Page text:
Azimuth Drive: Go!
The newly remodeled azimuth drive with the 5:1 planetary gear was installed back into its slot on the Project 40 mount on Sunday at Mark’s shop. The drive was re-installed sporting a new 7/16″ jack bolt and a snazzy clutch adjuster – think of a three foot long fireplace poker with a universal joint on the end connected to a nice long threaded tube. The clutch adjuster replaced the simple knurled nut pushing down on the stronger-constant clutch spring and made reaching the clutch adjustment a breeze (thanks, Larry!). With the drive wheel snugged up to the azimuth annulus, the hand pad control was easily able to move the scope like a merry-go-round. And it didn’t slip (a little Handel here, maestro).
Before we started work on the azimuth drive, we gave a little love to the altitude axis. Larry brought a newly-welded support for another pillow block bearing that we placed right next to the timing wheel. We’d been seeing that long shaft from one side of the telescope to the other flexing under load and this was the remedy. Once it was in place, it was clear we were stressing the shaft as it was visibly sagging in the middle. Releasing the bolts on the three bearings now pushing and pulling on it and letting it settle into a natural straight shape did the trick.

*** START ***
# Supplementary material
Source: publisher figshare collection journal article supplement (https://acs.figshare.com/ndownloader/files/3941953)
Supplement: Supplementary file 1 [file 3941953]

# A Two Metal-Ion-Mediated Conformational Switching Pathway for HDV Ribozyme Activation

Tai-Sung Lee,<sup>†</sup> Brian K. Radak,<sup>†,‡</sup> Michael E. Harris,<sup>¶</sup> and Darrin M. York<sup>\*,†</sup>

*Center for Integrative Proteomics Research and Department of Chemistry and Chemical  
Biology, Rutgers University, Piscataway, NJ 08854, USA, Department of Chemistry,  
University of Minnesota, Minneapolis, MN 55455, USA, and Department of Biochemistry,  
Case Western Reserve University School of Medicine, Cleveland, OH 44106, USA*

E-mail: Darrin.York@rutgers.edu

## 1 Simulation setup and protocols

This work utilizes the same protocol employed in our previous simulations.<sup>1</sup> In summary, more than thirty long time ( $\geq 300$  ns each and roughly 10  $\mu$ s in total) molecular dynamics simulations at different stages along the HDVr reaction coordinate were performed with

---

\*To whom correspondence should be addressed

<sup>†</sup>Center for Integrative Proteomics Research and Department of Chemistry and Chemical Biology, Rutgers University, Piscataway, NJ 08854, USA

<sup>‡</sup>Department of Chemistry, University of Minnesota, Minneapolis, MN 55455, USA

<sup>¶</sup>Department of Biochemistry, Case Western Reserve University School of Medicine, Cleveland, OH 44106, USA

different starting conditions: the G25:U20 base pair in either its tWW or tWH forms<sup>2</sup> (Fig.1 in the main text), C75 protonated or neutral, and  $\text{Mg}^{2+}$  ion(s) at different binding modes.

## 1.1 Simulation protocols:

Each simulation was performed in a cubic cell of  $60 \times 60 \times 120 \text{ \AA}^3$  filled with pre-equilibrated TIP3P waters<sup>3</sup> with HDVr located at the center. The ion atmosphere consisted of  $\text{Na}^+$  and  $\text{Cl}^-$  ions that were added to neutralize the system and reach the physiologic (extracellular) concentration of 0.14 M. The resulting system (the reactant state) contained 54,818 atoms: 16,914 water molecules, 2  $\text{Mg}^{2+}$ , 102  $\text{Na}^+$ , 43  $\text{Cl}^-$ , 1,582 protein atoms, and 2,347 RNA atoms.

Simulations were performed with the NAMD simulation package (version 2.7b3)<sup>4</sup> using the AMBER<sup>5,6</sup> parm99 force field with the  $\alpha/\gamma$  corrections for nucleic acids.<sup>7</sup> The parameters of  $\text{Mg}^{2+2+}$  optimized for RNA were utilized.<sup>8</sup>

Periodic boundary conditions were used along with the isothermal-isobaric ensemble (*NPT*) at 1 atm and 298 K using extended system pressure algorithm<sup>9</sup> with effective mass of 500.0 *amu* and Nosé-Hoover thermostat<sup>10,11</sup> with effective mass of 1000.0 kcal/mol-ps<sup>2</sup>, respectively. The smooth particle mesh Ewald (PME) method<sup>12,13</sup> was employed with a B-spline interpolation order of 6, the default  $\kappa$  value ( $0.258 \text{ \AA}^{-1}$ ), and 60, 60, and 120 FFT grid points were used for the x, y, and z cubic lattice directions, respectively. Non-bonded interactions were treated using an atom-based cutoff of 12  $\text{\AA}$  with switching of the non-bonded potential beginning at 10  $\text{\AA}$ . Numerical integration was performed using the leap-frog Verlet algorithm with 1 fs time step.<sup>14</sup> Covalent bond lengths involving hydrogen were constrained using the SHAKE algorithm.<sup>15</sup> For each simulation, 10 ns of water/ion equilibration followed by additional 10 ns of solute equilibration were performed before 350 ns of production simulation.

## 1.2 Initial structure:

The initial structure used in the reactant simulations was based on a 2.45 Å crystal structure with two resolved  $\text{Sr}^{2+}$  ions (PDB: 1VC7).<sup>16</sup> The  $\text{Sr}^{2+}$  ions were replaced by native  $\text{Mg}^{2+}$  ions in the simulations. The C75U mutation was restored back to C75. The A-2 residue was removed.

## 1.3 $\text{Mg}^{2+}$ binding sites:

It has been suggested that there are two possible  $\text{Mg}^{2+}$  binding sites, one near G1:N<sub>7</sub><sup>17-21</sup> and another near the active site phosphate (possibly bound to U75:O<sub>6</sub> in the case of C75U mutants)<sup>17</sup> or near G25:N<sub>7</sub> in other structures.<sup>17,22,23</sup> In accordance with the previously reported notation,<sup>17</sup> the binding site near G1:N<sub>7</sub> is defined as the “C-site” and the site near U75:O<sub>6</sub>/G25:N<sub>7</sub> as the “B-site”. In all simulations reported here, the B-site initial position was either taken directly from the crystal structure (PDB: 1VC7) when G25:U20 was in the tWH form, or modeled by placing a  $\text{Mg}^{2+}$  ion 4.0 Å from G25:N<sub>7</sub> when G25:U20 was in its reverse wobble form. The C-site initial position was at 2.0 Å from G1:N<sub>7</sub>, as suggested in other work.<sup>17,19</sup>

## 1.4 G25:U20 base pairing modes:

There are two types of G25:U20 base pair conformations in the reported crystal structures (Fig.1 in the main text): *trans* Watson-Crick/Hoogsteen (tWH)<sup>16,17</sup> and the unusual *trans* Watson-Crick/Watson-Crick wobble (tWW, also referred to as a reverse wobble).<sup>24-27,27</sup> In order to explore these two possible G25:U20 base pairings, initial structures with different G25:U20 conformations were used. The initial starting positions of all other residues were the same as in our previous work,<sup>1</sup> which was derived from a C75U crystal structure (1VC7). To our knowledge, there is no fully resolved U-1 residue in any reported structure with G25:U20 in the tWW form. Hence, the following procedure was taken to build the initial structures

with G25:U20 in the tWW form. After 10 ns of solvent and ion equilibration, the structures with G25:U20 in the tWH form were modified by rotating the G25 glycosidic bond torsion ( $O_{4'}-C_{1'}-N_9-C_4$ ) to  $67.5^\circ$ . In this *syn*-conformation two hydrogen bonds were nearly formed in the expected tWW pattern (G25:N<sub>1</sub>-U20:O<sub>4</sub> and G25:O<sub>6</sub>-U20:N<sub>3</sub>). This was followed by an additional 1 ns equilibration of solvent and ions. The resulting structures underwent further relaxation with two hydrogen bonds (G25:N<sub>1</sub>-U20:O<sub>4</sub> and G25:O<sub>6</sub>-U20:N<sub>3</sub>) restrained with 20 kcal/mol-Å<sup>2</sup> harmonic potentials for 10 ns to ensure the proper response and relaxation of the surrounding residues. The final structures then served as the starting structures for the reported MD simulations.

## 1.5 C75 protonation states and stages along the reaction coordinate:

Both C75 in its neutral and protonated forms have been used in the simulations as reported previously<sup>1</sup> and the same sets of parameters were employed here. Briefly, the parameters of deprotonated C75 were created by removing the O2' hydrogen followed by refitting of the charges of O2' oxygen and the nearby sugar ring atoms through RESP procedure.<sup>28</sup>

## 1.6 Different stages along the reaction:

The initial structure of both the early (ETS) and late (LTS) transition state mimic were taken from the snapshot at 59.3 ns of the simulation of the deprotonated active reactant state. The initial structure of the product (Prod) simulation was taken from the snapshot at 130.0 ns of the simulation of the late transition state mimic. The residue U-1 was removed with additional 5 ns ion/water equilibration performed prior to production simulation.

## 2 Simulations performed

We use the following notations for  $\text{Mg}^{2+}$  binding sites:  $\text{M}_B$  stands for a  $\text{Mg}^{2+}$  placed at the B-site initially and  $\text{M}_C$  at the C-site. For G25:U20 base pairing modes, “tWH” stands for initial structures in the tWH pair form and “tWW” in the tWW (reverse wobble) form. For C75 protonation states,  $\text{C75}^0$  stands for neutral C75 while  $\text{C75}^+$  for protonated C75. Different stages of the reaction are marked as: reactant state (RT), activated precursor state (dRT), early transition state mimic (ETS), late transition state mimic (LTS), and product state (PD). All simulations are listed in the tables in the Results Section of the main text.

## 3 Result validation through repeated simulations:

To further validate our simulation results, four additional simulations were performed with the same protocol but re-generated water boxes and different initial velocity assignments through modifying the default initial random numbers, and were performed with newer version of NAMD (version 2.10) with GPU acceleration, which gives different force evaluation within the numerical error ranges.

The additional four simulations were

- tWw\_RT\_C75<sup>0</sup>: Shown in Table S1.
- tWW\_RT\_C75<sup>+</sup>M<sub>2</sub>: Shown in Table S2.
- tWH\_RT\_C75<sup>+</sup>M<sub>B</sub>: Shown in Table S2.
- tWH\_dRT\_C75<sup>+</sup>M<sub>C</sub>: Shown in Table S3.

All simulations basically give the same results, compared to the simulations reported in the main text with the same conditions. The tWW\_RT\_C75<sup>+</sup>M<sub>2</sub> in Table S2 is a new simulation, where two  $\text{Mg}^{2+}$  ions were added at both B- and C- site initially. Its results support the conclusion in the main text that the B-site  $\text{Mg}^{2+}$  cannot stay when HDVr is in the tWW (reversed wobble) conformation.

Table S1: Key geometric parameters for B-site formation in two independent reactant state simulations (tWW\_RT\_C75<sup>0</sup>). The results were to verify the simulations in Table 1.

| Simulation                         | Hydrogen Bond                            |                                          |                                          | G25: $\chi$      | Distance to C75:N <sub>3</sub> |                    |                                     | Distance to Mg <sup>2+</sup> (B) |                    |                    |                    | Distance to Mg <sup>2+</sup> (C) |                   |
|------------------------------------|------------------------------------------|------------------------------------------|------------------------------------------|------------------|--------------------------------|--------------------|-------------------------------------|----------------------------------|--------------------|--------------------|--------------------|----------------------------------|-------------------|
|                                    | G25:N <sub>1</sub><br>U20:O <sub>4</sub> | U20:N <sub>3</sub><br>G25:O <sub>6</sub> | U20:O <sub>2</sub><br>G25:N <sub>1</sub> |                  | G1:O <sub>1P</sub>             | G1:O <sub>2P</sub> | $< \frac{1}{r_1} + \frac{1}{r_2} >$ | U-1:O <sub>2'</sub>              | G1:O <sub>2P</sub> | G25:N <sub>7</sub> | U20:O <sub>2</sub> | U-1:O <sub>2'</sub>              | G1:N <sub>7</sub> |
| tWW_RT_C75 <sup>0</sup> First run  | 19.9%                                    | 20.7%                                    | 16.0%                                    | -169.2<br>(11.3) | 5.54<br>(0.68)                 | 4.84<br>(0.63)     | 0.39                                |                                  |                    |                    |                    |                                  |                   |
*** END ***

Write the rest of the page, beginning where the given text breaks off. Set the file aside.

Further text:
We agreed the azimuth drive modifications were a success because with the clutch adjustment tightened down, we could not easily stop the rotation and we never saw the drive train slip. Not only that, by unwinding the clutch adjuster three turns, one could easily move the rocker in azimuth while the gear train was allowed to slip, slip away. The altitude axis was not so happy, even without the mass of the truss and secondary attached to the rocker box. We could cause slipping without much effort by grabbing the rocker frame, even after replacing the original clutch spring with a tougher version. Time to order a planetary gear for the altitude drive – see ya in 8 weeks!